Palm Sunday – Verbų sekmadienis


Palm Sunday, or the 6th Sunday of Lent, is the first festival of spring. It is called Palm Sunday in most European countries. In the Catholic Church, the blessing of palms came into practice in the fifth century. Instead of using palms, which were not available in northern countries, in Lithuania small bouquets of twigs were used. It was believed blessing twigs from the earliest budding plants would ensure the fertility of the fields and animal touched by them, promote a person’s good health, prevent lightning from striking a home, enrich the harvest and protect seedlings seeds from hail and rodents.

Throughout Lithuania, it was believed that on Palm Sunday everyone, both young and old, must come to Mass holding a juniper branch or some other twig (verbelė). In Aukštaitija (the Highlands, or the northeastern region), Suvalkija (the southwestern region) , and Žemaitija (Samogitia, or the Lowlands in the country’s west), juniper branches were most commonly used. In Dzūkija (the southeast) and eastern Aukštaitija, willow branches were popular, mixed with juniper. Pussy-willlow branches or other willow or birch branches were gathered ahead of time and put in water to sprout leaves before Palm Sunday. The branches were often decorated with paper flowers, blossoms from indoor plants, snowdrops – even cranberries. The stems were wrapped in paper, to cover the prickly juniper needles.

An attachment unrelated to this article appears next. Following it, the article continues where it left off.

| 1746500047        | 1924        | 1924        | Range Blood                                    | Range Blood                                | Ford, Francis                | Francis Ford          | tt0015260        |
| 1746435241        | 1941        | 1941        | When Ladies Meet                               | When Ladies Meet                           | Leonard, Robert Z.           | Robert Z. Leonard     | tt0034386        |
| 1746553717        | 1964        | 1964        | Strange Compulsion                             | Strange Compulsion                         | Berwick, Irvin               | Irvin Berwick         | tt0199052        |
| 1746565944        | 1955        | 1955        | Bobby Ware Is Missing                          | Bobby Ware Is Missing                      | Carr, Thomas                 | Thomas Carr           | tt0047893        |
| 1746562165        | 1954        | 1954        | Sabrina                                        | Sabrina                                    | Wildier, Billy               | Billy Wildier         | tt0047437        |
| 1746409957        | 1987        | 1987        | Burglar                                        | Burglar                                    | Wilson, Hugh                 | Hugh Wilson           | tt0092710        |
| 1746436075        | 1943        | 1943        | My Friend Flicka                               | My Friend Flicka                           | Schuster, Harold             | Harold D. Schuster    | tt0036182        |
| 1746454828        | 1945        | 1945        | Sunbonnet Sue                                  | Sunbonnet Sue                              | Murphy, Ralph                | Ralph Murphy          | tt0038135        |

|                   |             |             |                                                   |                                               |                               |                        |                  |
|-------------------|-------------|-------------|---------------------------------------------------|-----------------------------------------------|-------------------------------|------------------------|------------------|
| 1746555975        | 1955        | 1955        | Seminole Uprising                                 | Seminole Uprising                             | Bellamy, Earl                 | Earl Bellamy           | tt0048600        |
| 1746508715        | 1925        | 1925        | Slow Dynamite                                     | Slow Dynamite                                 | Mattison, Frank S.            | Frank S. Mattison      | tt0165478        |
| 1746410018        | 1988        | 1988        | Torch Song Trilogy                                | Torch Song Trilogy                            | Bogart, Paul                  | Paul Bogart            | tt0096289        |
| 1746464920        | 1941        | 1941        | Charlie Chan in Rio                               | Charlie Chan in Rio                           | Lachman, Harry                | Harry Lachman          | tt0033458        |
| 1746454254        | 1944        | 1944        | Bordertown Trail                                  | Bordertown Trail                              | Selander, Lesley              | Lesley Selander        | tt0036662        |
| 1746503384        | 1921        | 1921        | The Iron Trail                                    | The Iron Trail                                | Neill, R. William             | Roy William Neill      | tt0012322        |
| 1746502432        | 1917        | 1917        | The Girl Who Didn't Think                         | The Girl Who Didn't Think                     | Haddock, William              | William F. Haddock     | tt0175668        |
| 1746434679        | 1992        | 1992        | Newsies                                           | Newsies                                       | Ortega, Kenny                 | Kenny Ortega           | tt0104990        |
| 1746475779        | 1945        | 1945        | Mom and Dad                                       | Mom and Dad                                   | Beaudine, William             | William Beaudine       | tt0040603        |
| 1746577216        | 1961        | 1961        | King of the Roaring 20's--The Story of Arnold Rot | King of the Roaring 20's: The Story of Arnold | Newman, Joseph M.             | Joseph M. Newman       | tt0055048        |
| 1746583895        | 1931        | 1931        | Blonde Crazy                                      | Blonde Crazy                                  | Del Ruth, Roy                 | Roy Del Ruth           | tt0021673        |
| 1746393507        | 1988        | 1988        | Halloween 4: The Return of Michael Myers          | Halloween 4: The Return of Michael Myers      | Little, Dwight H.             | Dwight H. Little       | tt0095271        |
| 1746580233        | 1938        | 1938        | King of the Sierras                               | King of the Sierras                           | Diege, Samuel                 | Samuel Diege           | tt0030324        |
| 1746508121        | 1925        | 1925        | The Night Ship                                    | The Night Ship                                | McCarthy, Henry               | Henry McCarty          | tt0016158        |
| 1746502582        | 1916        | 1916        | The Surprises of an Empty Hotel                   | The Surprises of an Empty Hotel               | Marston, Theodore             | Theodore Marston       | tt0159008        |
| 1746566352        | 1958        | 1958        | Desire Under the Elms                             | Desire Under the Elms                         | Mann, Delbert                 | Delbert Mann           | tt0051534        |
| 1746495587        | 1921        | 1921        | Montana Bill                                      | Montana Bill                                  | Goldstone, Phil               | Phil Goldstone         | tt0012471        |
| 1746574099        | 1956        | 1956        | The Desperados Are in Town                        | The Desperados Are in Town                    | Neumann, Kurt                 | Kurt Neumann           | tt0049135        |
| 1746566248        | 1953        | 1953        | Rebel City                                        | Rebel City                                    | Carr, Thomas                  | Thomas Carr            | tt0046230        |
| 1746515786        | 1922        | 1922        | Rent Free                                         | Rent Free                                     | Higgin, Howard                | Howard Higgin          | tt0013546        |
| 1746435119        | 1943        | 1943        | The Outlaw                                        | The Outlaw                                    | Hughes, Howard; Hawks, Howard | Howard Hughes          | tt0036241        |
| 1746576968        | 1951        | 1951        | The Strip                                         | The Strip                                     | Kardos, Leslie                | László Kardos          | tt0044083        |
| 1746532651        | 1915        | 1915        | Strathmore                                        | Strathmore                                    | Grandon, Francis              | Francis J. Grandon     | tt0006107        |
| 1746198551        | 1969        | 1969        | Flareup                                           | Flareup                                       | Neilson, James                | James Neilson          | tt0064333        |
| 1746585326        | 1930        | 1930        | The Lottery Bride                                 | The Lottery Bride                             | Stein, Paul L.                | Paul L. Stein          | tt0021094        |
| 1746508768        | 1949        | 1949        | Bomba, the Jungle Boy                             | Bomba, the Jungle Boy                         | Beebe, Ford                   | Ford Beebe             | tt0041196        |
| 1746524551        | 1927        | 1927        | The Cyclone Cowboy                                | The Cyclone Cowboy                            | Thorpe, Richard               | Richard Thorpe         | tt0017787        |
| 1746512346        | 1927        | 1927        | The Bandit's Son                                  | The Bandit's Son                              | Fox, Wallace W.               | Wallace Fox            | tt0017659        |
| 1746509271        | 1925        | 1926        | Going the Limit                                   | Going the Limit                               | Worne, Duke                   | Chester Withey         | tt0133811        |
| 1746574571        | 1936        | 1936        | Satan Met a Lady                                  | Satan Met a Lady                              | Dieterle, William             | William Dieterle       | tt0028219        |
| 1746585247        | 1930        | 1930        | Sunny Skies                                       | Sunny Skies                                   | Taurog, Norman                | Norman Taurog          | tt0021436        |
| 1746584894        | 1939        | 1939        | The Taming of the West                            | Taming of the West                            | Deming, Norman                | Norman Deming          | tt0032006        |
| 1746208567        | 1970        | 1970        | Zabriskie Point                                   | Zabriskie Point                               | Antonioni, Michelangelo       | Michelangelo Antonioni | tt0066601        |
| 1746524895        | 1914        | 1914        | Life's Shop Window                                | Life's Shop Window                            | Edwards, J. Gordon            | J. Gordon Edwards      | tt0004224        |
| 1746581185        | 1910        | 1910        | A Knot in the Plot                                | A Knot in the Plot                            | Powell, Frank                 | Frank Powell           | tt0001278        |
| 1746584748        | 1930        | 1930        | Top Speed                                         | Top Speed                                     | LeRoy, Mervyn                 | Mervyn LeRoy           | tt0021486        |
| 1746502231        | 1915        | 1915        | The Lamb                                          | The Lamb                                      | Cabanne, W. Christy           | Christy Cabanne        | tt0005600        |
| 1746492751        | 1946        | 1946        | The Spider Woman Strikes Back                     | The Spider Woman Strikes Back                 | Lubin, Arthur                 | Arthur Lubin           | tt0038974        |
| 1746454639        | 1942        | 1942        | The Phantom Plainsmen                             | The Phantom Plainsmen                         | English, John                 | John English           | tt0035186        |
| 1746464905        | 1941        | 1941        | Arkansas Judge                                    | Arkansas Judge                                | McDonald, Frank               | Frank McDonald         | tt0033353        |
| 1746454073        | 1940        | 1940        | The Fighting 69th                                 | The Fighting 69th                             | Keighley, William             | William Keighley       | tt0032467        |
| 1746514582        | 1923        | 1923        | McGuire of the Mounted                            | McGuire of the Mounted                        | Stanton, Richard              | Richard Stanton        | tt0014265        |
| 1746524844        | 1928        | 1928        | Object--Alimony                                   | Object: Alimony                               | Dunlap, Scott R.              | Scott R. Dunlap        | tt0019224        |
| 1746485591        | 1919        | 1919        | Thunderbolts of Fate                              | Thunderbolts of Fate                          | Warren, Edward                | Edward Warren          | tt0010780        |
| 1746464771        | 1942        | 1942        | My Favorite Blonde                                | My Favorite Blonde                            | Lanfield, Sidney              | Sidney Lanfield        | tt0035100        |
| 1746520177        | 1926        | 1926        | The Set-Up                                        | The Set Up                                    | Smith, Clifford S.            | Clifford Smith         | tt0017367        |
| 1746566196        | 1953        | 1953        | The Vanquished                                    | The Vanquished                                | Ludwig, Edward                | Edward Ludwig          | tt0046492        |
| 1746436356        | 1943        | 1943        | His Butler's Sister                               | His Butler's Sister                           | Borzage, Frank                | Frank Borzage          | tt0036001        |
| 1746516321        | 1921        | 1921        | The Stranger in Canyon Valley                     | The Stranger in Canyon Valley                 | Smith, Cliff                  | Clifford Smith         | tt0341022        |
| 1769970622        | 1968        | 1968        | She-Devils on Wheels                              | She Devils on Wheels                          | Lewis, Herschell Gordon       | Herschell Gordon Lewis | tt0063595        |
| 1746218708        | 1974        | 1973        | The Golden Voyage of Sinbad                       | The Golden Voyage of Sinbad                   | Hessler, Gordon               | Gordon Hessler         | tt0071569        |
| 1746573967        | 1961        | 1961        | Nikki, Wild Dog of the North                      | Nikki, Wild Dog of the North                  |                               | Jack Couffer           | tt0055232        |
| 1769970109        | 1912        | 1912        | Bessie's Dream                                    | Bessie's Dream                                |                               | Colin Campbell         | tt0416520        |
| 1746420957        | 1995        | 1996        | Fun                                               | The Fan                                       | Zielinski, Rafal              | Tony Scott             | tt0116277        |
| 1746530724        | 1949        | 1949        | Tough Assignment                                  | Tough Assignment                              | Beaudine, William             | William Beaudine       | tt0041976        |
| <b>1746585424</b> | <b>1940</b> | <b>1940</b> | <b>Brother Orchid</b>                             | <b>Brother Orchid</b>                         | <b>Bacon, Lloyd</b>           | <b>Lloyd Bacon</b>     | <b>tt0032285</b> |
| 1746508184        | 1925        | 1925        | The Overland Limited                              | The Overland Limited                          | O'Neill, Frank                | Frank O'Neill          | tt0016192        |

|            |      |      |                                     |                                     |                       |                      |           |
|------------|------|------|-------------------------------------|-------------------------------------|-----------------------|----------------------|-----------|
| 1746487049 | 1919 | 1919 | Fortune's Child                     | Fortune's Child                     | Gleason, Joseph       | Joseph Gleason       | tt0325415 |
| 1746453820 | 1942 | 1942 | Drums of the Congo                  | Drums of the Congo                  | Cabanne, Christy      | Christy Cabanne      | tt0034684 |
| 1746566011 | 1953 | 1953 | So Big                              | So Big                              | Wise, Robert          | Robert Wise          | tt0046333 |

On Palm Sunday, someone in the household had to rise earlier than everyone else to “beat” those still sleeping with a “verba”, shouting “I’m not beating you, it’s the “verba”! Easter is a week away – promise me an Easter egg!”

Women would tie their “verbos” with red woollen yarn. It was thought that tying that yarn around their waists during the rye harvest would keep their backs from aching. Women, being the most “useful”, would carry large “verbos”, while men and children had small ones. Some were very elaborate, plaited from dried plants, flowers and grasses. It was disgraceful to arrive at church without a “verba”. It was said that the devil himself would give such a person his tail to hold all through the Palm Sunday Mass.

After being blessed at Mass, the “verbos” were brought home. Children were playfully struck with them to ensure their health and obedience. Juniper twigs were tucked under the roof to prevent lightning strikes. When the juniper needles dried out and fell  from their branches, they would be saved and burned as incense in the house during a storm, or to ensure a family member’s safe journey, to bless bees, poultry, or farm animals when they first went out to pasture in springtime. Another variation was to keep the twigs until the next year’s Ash Wednesday, then burn them.

“Verbos” were first mentioned in Lithuanian in a Lutheran sermon dating back to 1573. In many areas, young people would bring blessed “verbos” to old or solitary neighbours. Most famous and decorated most lavishly were “verbos” made by villagers in the 50-kilometre radius around Vilnius. They are called “Vilniaus verbos”.

The craft of making “verbos” is a unique Lithuanian folk art. “Verbos” can be simple or complex, limited only by the artist’s imagination. Most are “roll” shaped, with dried flowers and grasses tied all around a stick. They can be feathery, with or without ornate tops and made with wheat heads, mosses and ribbons. They are a very popular tradition at the annual St. Casimir’s Fair in Vilnius.